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Worldly comic headlines Cabana

Taking a call for an interview on a leisurely Sunday afternoon, Josh Blue can't help but weave in jokes in his answers, even on serious topics.

Born in Cameroon, between west and central Africa, and raised in the North Star State, he lives in Denver, and has family in Japan. He's used to encircling the globe, and nothing gets in his way.

Blue, who won the fourth season of NBC's "Last Comic Standing" in 2006, will headline this weekend at Comedy Cabana in Myrtle Beach, with two shows each tonight and Saturday.

Relaxing before the finale of his five performances from a weekend in Omaha, Neb., he reflected on what has motivated him as a person, and how, coping with cerebral palsy, a central nervous disorder, he radiates only a happy, positive outlook.

Question | How has humor provided medicine, not only for your audiences, but as an extra way to help you in being comfortable in showing people that cerebral palsy does not pose a barrier to goals one wants to reach?

Answer | I think laughter is the easy way to administer the medicine. ... When you're laughing, you don't know that you're learning anything.

Q. | What extra characteristics about cerebral palsy have you learned that you might not have come across if it had not become a component of comedy in your career?

A. | A lot of it can be very funny. I think I've learned not only to fully embrace it, but to understand how for people, being disabled can be to your advantage or disadvantage. ... It's interesting because there are so many disabled people out there.

Q. | What aspects about cerebral palsy do people still need to understand or clear misperceptions on?

A. | A lot of times, people will see, not just with cerebral palsy, but any physical disability - they just assume that if you're disabled, that you're emotionally disabled. You just can't assume that.

Q. | Has the world gotten easier for people with disabilities, or at least, are public awareness and care greater?

A. | Yes, look at me. Other disabled people are making it into the mainstream media, and making it more comfortable. Thirty to 40 years ago, they were lumped into the same category. I think we have come a long way from that, but there is a lot more to do.

Q. | What makes you laugh? What certain style or delivery among your colleagues in the profession catches your attention?

A. | My favorite thing is when someone can insult me in an intelligent fashion - when someone is mean to me, when someone can zing me pretty good.

Q. | Who have been your favorite comedians?

A. | Chris Rock. Mitch Hedberg was awesome. Dave Chappelle. Jon Stewart. Ellen DeGeneres. Greg Giraldo was really good.

Q. | What extra kudos do you draw for little, if any, need to use foul or inappropriate language? Is that approach becoming more rare?

A. | Our society is getting dumber and dumber; they need more help. I do enjoy an "F-bomb" here and there, but I can work clean. When you working cleanly, you're more accessible to everybody. When you're swearing, you knock a few people out of their comfort zone.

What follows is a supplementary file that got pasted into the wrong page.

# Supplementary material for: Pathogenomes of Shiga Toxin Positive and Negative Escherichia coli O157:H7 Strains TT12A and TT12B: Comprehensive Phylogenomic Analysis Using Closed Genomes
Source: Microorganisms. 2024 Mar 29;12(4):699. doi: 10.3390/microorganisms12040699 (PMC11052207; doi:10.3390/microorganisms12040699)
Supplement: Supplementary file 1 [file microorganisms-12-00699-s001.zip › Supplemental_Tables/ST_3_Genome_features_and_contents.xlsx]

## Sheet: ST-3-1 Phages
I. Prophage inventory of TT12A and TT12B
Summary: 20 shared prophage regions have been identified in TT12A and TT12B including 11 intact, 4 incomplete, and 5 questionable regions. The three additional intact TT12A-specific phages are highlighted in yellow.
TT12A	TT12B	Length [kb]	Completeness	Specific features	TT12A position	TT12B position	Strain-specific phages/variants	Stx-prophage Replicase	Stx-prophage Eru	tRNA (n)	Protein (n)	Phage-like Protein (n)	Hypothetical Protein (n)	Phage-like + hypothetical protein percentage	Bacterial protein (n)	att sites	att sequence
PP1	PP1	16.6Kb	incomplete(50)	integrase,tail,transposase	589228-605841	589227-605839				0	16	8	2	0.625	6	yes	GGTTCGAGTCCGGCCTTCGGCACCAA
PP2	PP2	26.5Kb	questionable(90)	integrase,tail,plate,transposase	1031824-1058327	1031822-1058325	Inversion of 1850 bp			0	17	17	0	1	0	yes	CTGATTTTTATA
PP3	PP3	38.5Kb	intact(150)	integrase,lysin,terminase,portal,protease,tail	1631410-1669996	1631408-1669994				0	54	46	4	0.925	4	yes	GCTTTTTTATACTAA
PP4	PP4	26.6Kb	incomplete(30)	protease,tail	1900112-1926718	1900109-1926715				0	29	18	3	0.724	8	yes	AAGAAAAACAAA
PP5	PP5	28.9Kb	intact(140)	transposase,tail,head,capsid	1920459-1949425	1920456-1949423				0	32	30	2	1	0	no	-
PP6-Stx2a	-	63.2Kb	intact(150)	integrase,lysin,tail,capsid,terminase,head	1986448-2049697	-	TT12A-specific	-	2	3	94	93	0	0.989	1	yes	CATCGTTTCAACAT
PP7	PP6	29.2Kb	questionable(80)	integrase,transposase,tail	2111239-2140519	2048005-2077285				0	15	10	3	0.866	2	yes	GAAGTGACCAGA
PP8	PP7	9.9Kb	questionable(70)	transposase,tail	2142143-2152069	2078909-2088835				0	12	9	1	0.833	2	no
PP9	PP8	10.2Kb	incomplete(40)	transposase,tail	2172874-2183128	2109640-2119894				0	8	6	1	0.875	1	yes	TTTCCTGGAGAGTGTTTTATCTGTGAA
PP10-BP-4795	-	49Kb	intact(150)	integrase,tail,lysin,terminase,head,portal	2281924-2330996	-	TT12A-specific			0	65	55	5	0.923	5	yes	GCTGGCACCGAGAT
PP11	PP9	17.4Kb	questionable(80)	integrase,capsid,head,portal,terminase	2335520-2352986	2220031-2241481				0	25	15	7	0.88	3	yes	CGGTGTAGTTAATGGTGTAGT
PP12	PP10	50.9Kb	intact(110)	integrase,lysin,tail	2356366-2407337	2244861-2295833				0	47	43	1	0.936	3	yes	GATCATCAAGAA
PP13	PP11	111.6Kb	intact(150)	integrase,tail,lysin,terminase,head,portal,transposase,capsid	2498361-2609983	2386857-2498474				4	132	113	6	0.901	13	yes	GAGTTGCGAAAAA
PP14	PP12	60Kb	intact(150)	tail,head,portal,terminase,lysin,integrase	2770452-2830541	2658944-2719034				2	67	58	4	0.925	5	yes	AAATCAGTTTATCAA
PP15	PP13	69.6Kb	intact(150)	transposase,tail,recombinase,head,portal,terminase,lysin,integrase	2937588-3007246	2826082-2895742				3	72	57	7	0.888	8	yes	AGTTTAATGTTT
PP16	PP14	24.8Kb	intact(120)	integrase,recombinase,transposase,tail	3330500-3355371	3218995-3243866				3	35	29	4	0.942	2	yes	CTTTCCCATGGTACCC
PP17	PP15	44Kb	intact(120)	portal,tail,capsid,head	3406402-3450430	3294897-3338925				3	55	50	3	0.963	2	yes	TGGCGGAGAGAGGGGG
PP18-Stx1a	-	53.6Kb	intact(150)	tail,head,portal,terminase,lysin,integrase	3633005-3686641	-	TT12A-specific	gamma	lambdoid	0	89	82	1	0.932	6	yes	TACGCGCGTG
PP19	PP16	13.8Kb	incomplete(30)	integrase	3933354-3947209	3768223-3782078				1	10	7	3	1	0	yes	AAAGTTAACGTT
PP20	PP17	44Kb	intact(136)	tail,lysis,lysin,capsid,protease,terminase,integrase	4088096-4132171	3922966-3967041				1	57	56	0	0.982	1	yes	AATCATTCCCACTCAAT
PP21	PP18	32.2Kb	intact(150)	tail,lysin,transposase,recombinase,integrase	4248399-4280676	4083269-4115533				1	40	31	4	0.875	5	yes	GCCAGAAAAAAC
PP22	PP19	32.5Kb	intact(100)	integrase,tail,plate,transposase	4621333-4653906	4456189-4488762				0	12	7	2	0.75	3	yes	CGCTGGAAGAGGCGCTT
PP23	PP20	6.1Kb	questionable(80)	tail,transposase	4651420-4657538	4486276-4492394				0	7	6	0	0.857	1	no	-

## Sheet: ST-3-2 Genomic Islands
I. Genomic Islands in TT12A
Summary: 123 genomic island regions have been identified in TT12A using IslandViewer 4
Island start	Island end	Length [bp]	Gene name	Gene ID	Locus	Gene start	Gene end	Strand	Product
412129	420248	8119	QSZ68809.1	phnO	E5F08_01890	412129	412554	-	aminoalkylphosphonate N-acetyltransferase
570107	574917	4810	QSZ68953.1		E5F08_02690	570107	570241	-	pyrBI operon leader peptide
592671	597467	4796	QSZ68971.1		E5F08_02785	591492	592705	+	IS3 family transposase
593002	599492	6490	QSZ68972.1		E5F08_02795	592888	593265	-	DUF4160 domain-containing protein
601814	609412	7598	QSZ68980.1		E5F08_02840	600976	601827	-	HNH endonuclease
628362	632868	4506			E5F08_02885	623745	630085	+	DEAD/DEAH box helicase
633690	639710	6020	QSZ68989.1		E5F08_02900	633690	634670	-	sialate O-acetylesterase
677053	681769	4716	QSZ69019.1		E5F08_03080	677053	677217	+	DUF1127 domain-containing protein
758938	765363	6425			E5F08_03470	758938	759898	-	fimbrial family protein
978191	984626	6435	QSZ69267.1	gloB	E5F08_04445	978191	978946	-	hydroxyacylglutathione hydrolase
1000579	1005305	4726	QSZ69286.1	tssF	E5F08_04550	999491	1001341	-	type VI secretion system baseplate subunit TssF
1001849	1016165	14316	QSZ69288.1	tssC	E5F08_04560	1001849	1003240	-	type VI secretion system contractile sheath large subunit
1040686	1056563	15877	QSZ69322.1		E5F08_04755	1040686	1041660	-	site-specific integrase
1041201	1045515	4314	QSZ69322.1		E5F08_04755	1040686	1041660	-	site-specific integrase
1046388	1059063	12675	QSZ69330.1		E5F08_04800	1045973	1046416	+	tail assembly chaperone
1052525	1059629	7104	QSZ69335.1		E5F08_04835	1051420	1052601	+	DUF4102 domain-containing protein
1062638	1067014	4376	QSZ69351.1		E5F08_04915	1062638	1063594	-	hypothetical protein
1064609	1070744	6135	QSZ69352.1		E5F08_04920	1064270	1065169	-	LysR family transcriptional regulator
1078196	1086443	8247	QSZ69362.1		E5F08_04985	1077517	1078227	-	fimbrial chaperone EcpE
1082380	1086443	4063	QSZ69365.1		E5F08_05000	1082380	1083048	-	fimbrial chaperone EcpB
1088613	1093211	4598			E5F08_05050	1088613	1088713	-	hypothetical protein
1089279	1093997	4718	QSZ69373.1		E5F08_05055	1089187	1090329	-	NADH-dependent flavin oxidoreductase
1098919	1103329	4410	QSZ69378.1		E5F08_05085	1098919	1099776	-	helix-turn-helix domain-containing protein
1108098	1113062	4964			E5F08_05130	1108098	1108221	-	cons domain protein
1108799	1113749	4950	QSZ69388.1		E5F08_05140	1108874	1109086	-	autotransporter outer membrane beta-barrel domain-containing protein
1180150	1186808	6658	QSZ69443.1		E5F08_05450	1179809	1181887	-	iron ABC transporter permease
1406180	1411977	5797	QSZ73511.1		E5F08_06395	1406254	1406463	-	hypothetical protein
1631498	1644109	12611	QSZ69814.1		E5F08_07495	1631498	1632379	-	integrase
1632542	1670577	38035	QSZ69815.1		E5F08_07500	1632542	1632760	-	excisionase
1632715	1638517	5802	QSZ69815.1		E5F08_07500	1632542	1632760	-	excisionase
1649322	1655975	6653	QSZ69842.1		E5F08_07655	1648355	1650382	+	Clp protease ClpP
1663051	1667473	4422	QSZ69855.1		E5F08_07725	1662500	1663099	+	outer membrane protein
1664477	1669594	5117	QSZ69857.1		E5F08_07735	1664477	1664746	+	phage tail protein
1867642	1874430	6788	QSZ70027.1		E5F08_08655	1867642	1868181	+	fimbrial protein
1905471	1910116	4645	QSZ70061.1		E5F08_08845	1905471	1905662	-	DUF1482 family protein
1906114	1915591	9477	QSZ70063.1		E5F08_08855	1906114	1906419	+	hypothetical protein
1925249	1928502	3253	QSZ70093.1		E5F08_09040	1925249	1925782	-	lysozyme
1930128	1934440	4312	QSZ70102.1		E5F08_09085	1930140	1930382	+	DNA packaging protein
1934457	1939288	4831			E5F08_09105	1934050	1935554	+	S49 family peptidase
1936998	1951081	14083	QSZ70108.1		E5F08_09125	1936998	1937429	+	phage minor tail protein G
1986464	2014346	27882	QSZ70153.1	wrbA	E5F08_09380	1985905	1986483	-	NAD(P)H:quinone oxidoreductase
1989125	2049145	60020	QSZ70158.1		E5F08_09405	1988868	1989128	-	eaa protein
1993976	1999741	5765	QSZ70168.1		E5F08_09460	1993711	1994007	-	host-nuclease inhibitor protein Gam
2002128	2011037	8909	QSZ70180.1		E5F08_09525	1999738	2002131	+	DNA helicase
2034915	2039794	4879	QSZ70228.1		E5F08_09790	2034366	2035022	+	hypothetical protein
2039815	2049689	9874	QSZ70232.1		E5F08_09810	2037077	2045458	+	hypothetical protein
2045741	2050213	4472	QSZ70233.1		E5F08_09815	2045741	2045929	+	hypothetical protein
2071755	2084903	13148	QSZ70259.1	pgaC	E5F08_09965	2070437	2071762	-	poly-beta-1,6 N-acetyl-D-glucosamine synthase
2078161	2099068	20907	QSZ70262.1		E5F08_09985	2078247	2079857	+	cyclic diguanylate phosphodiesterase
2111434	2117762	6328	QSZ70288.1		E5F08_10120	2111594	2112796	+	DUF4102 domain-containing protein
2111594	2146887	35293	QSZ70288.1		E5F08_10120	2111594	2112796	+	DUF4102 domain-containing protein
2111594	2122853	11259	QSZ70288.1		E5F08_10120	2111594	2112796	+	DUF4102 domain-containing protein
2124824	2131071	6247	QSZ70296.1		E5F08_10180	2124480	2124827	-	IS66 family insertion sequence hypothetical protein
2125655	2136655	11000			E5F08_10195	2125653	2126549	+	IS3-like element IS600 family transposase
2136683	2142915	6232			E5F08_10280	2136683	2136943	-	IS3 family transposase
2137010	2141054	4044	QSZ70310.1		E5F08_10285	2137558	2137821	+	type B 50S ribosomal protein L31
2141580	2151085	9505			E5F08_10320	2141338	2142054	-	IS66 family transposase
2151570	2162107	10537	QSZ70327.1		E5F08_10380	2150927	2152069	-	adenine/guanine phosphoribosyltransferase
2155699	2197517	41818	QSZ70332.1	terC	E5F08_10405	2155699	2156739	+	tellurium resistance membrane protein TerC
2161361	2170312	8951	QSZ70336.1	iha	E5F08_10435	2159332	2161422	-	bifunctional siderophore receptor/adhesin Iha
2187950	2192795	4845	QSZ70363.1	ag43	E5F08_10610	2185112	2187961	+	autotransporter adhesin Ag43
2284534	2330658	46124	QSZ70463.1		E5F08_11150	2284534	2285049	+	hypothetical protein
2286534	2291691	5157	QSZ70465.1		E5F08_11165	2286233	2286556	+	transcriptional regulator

Q. | How much of your skits are the result of dedicated, sit-down, creative writing, vs. off-the-cuff realizations you never saw coming?

A. | About 95 percent is off the cuff. I rarely sit down and write.

Q. | It's that easy?

A. | For me, yeah. I realize I have a rare gift, because I've never written anything down. ... Fortunately, I remember what I said the night before ... .

Q. | What humor has been inspired by your play and involvement with the U.S. Paralympic soccer team and Paralympic Games?

A. | A lot of jokes come from just being with a bunch of other guys with disabilities. It's funny when we get together. ... At the airport, people just get out of our way.

Q. | What other sports consume your interest? Will you miss American football this fall, the way things are going in negotiations between NFL players and team owners?

A. | Yeah, it's pretty much the only other sport I like.

Q. | Having grown up in Minnesota, were you moved to create any Brett Favre jokes, after his last two years with the Vikings?

A. | He was a one-of-a-kind to watch. When you tackle him, you're tackling an antique.

Q. | On a serious note: Two days after the earthquake and tsunami that struck Japan on March 11, what communications have you had with your in-laws in their homeland?

A. | We finally got through to them, and everybody's OK. Thank goodness, you know? Those must have been scary moments. It just shows you the power of the ocean and everything.

Q. | When was the last time you were in the homeland of your wife, the former Yuko Kubota?

A. | I was there for my birthday [Nov. 27]. My sister-in-law got married on my birthday.

Q. | How has parenthood changed your perspective on life at age 32?

A. | Our boy turned 3 last week, and we have a 9-month-old girl. ... I have more to worry about, for sure. Definitely, a lot of jokes come from those kids.

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